Pop Art conversations are between the artist and hyper-familiar objects and images — lowercase-"c" culture as depicted by and in the media. But in a classic example of diplomacy — like Diane Rehm politely cutting off an angry caller with a point — the museum seems to stop the conversation where it could turn really controversial. The important conversations here are not between Singer and Warhol or Jason Garcia and Roy Lichtenstein (whose 1963 Ben-Day dot lithograph, Whaam! — the original is in the Tate Gallery — is in the show).

Singer, who's also a talented classical portrait artist, is a Pop artist with a punk rock brushstroke and a lot to say. He should have more exposure here. You'll have to visit that web site to see his paintings depicting Indians as Playmobil or Fisher-Price "people" complete with hogan and sheep farm, or the "Land-O-Fakes" Indian maiden, or the Morton Salt girl as an old Native woman. What is not on exhibit — hot sex, Coors cans, anger, nihilism — speaks volumes. Where the Heard plays it safe, Singer is unafraid to mix metaphors. Seriously. See his online gallery.

You'll understand why the Campbell's Soup papery sheath, Souper Dress, standing on a mannequin near Singer's painting, is obvious and disappointing. Maybe it's supposed to anchor or contextualize the other fashion elements in the show. Some of those elements work, but mostly they're distracting. Paco Rabanne's 1967 kit for an assemble-it-yourself gold-disc party number on loan from PAM? Why? Virgil Ortiz's collaboration with Donna Karan, which resulted in Cochiti pottery patterns on Karan's fabrics that season, and a tuxedo jacket by Lloyd Kiva New for Hopi jewelry designer Charles Loloma mumble something here, but not enough to carry the center of the exhibit. And the pieces certainly aren't Pop Art.

Icon by Marcus Amerman
Icon by Marcus Amerman
Souper Dress by Campbell's Soup
Souper Dress by Campbell's Soup
A bowl by Diego Romero
A bowl by Diego Romero
A beaded buckle by Marcus Amerman
A beaded buckle by Marcus Amerman
Clearly Red Hot Mama 
by Paula Rasmus-Dede
Clearly Red Hot Mama by Paula Rasmus-Dede
We Gave Two Horses in Honor of Our Son by Teri Greeves
We Gave Two Horses in Honor of Our Son by Teri Greeves
POPcorn #5 by Stephen Wood
POPcorn #5 by Stephen Wood

Details

"POP! Popular Culture in American Indian Art" at the Heard Museum, 2301 N. Central Ave., through April 2011. Call 602-252-8848 or visit www.heard.org.

White vinyl go-go boots from Japan are retro-fabulous and I want to put them on my feet, but they make no sense juxtaposed with Teri Greeves' exquisitely detailed seed-bead Chuck Taylors, We Gave Two Horses in Honor of Our Son. Greeves' adornment is all hand-stitched Kiowa tradition, and the message/medium disconnect leaves the viewer wondering about that honored son.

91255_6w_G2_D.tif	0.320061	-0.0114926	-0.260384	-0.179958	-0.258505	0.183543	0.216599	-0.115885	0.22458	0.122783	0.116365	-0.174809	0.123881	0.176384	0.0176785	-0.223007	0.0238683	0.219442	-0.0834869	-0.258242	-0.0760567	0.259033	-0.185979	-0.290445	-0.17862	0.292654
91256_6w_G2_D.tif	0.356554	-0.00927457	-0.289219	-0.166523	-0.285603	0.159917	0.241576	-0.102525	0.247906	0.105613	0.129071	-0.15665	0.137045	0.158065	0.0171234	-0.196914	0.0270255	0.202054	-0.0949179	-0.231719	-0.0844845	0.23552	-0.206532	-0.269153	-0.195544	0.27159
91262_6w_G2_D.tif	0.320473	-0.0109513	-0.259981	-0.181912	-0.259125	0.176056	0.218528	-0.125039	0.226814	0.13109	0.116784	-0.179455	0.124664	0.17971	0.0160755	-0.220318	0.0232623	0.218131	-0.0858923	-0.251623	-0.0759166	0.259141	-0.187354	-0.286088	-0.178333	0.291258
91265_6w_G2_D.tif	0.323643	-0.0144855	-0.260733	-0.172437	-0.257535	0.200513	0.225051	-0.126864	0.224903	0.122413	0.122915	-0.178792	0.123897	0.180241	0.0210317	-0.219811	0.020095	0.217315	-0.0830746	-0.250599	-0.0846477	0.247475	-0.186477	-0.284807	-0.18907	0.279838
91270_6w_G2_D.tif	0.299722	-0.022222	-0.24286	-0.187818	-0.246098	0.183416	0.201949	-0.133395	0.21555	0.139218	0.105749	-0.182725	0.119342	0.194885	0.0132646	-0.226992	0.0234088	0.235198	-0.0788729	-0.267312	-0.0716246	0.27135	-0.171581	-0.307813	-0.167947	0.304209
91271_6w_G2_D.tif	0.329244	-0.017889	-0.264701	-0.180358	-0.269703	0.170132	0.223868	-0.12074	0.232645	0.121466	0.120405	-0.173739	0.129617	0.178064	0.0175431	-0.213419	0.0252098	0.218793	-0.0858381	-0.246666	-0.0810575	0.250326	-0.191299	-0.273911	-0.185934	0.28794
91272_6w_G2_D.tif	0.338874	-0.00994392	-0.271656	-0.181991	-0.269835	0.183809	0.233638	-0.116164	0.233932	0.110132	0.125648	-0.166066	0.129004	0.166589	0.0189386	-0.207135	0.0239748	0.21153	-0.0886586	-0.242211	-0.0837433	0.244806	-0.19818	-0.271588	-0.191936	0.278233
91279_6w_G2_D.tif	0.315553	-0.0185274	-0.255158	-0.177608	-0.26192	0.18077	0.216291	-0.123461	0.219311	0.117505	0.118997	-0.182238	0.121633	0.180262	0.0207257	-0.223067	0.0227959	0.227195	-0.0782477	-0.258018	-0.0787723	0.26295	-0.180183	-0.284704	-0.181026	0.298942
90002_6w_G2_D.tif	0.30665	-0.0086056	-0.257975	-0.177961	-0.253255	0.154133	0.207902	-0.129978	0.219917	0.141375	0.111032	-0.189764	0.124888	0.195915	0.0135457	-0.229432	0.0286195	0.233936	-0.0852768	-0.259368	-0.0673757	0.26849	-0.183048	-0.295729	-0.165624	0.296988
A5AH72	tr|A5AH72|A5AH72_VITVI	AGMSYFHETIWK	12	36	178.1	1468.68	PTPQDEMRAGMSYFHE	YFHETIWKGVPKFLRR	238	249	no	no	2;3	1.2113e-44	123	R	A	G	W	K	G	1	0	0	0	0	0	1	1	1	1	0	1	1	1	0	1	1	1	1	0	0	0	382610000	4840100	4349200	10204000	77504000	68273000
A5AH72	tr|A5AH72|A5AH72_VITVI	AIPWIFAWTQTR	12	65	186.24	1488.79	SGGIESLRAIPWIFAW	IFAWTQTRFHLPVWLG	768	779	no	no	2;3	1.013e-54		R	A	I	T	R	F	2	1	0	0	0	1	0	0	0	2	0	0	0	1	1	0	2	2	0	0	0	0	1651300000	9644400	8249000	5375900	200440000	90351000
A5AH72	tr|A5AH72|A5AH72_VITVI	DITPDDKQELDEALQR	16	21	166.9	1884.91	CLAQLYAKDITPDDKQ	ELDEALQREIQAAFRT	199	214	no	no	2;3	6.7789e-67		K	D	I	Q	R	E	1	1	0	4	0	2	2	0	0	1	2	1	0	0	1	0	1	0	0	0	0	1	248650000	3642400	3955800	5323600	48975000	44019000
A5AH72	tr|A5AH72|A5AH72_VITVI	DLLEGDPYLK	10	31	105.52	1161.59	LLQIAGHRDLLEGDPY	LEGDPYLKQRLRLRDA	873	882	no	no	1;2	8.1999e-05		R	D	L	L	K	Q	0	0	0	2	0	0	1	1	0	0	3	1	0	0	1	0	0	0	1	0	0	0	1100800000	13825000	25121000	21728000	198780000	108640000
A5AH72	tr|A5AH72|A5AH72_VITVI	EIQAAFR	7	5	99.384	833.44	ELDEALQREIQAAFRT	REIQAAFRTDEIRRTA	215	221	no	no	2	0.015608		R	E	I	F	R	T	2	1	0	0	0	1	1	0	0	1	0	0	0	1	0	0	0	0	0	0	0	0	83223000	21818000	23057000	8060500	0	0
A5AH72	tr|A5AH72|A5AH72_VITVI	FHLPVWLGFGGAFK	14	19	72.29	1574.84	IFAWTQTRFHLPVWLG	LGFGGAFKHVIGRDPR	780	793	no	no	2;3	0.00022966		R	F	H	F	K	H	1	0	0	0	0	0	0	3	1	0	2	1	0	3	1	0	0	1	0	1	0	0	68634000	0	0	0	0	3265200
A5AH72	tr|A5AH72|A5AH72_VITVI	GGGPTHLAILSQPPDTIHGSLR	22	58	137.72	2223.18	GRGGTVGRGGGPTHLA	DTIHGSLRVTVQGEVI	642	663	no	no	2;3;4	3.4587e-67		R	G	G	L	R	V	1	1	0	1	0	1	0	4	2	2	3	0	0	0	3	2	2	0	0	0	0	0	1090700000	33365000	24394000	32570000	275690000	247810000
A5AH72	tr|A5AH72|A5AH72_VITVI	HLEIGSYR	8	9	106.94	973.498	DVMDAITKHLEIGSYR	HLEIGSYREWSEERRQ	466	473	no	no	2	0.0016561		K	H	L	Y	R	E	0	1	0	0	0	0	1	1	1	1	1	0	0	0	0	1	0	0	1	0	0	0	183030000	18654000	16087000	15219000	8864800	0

Basket weaver Lisa Telford has crafted both a pair of high heels and a bodice from red cedar bark and other materials, like cotton cordage, guinea feathers, leather, and carved-bone frog-button closures. The bodice, A Night on the Village, especially, earns its place in this show, displaying both the ancient and the contemporary in a costume a spiritually evolved and overly muscled Pop singer might wear.

The work of potters Diego Romero and Jason Garcia is among what works best here, though. Romero, whose work confronts the negative views toward Indian art as "craft," employs Greek imagery in the ancient amphora tradition that reflects native narratives. His sociopolitical Chongo Brothers characters walk and drive a desert landscape of solstices and comets in the night sky. Romero's bowls have both the bold graphic toughness of comic book art and a Keith Haring playful sensitivity.

Other than Singer's missing work, Garcia's ceramics are, perhaps, the most compelling. His hand-formed, slipped, and painted tiles offer a series of native peoples in traditional dress leaning against cars, licking lollipops, and talking on cell phones while casinos loom large in the background. In one titled Grand Theft Auto, Garcia confronts gang violence. Other tiles are fictitious comic books, like Tewa Tales of Suspense. Garcia adorns a traditional ceramic pot with superheroes — including Wolverine and Iron Man, a 10-year-old patron pointed out to me (where I only recognized Spider-Man and Wonder Woman).

Don't miss the metalwork and beadwork of Marcus Amerman, Coren L. Conti, and Cody Sanderson. It's all small and tucked in a corner display case but perfectly Pop. Sanderson's Lego jewelry and his Barrel of Monkeys belt buckle might tweak the way you think about native jewelry. It should, anyway.

The venerable Heard is a classy joint, no doubt. But I wish it had more faith in its patrons: Expect us to be mature enough to handle concrete controversy and smart enough to make connections without reliance on clever installation. The native Pop Art hanging here speaks for itself and, in speaking, says something ancient and new for all of us. We don't need Andy Warhol to translate.

Build more than a coffee bar, and we'll come. On the days I visited, viewers sure weren't lingering over the Pop artifacts like they were the silver seed pots in the Sandra Day O'Connor Gallery. Nobody's depicted a Twin Towers-less NYC skyline in a seed pot. Yet.

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4 comments
Amy Silverman
Amy Silverman

we very much regret the typo in mr. new's name and have fixed it.

Xplicitndn
Xplicitndn

Fabulous article. However, attention to detail is lacking on your journalistic endeavors. The late Mr. Llyod Kiva New was a legacy and influenced art, fashion, culture, and higher learning, his name should be preserved, respected, and honored. In your article, you list him as Floyd Kiva New.

Troycie Talk
Troycie Talk

...i retract and bite my tongue, I spelled it wrong too... i'm sorry Mr. Kiva. :0) lol!

 
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